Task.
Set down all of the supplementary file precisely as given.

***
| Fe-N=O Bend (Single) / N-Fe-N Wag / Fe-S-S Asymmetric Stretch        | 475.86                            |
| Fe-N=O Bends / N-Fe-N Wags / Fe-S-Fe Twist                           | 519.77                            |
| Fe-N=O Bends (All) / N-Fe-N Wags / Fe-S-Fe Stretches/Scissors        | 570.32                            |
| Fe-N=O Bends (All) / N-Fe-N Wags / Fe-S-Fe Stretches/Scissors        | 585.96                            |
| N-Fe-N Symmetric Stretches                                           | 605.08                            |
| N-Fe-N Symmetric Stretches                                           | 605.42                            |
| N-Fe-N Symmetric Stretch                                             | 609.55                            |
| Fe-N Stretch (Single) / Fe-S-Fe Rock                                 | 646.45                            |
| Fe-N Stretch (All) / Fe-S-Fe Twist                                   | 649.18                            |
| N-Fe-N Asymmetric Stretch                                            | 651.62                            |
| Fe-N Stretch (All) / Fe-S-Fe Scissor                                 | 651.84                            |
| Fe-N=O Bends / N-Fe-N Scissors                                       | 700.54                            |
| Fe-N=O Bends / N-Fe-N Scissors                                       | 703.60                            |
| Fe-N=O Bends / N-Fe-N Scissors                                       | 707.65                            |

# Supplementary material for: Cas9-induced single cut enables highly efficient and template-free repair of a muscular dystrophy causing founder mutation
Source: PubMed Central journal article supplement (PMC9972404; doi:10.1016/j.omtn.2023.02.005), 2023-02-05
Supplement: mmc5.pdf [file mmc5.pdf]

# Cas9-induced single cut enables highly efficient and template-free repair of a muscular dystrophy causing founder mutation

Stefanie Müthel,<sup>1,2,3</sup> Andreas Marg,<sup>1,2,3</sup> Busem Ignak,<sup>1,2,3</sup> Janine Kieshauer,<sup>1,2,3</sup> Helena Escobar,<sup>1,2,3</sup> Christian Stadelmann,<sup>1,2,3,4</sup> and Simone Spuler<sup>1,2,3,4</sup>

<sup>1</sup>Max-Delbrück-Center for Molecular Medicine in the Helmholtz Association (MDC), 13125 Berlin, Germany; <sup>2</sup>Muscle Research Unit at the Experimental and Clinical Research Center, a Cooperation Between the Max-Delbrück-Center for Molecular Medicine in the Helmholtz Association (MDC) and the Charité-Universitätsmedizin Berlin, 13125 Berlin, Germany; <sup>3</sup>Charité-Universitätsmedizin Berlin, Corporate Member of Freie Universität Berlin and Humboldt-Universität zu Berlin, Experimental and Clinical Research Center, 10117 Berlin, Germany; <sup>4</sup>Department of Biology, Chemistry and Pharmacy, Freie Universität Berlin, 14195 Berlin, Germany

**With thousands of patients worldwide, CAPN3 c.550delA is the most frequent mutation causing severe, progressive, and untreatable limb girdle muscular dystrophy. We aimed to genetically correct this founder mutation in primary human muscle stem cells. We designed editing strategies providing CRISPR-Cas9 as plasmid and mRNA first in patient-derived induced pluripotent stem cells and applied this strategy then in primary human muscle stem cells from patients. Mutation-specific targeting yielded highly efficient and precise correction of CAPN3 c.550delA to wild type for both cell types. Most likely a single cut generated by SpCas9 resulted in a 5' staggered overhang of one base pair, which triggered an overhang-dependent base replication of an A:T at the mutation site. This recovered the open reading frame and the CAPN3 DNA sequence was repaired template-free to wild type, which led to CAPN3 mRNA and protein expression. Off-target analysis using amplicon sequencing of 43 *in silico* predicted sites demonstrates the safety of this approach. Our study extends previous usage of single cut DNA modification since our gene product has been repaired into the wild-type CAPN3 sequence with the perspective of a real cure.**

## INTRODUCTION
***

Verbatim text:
| Fe-N=O Bend (Single) / N-Fe-N Wag / Fe-S-S Asymmetric Stretch        | 475.86                            |
| Fe-N=O Bends / N-Fe-N Wags / Fe-S-Fe Twist                           | 519.77                            |
| Fe-N=O Bends (All) / N-Fe-N Wags / Fe-S-Fe Stretches/Scissors        | 570.32                            |
| Fe-N=O Bends (All) / N-Fe-N Wags / Fe-S-Fe Stretches/Scissors        | 585.96                            |
| N-Fe-N Symmetric Stretches                                           | 605.08                            |
| N-Fe-N Symmetric Stretches                                           | 605.42                            |
| N-Fe-N Symmetric Stretch                                             | 609.55                            |
| Fe-N Stretch (Single) / Fe-S-Fe Rock                                 | 646.45                            |
| Fe-N Stretch (All) / Fe-S-Fe Twist                                   | 649.18                            |
| N-Fe-N Asymmetric Stretch                                            | 651.62                            |
| Fe-N Stretch (All) / Fe-S-Fe Scissor                                 | 651.84                            |
| Fe-N=O Bends / N-Fe-N Scissors                                       | 700.54                            |
| Fe-N=O Bends / N-Fe-N Scissors                                       | 703.60                            |
| Fe-N=O Bends / N-Fe-N Scissors                                       | 707.65                            |

# Supplementary material for: Cas9-induced single cut enables highly efficient and template-free repair of a muscular dystrophy causing founder mutation
Source: PubMed Central journal article supplement (PMC9972404; doi:10.1016/j.omtn.2023.02.005), 2023-02-05
Supplement: mmc5.pdf [file mmc5.pdf]

# Cas9-induced single cut enables highly efficient and template-free repair of a muscular dystrophy causing founder mutation

Stefanie Müthel,<sup>1,2,3</sup> Andreas Marg,<sup>1,2,3</sup> Busem Ignak,<sup>1,2,3</sup> Janine Kieshauer,<sup>1,2,3</sup> Helena Escobar,<sup>1,2,3</sup> Christian Stadelmann,<sup>1,2,3,4</sup> and Simone Spuler<sup>1,2,3,4</sup>

<sup>1</sup>Max-Delbrück-Center for Molecular Medicine in the Helmholtz Association (MDC), 13125 Berlin, Germany; <sup>2</sup>Muscle Research Unit at the Experimental and Clinical Research Center, a Cooperation Between the Max-Delbrück-Center for Molecular Medicine in the Helmholtz Association (MDC) and the Charité-Universitätsmedizin Berlin, 13125 Berlin, Germany; <sup>3</sup>Charité-Universitätsmedizin Berlin, Corporate Member of Freie Universität Berlin and Humboldt-Universität zu Berlin, Experimental and Clinical Research Center, 10117 Berlin, Germany; <sup>4</sup>Department of Biology, Chemistry and Pharmacy, Freie Universität Berlin, 14195 Berlin, Germany

**With thousands of patients worldwide, CAPN3 c.550delA is the most frequent mutation causing severe, progressive, and untreatable limb girdle muscular dystrophy. We aimed to genetically correct this founder mutation in primary human muscle stem cells. We designed editing strategies providing CRISPR-Cas9 as plasmid and mRNA first in patient-derived induced pluripotent stem cells and applied this strategy then in primary human muscle stem cells from patients. Mutation-specific targeting yielded highly efficient and precise correction of CAPN3 c.550delA to wild type for both cell types. Most likely a single cut generated by SpCas9 resulted in a 5' staggered overhang of one base pair, which triggered an overhang-dependent base replication of an A:T at the mutation site. This recovered the open reading frame and the CAPN3 DNA sequence was repaired template-free to wild type, which led to CAPN3 mRNA and protein expression. Off-target analysis using amplicon sequencing of 43 *in silico* predicted sites demonstrates the safety of this approach. Our study extends previous usage of single cut DNA modification since our gene product has been repaired into the wild-type CAPN3 sequence with the perspective of a real cure.**

## INTRODUCTION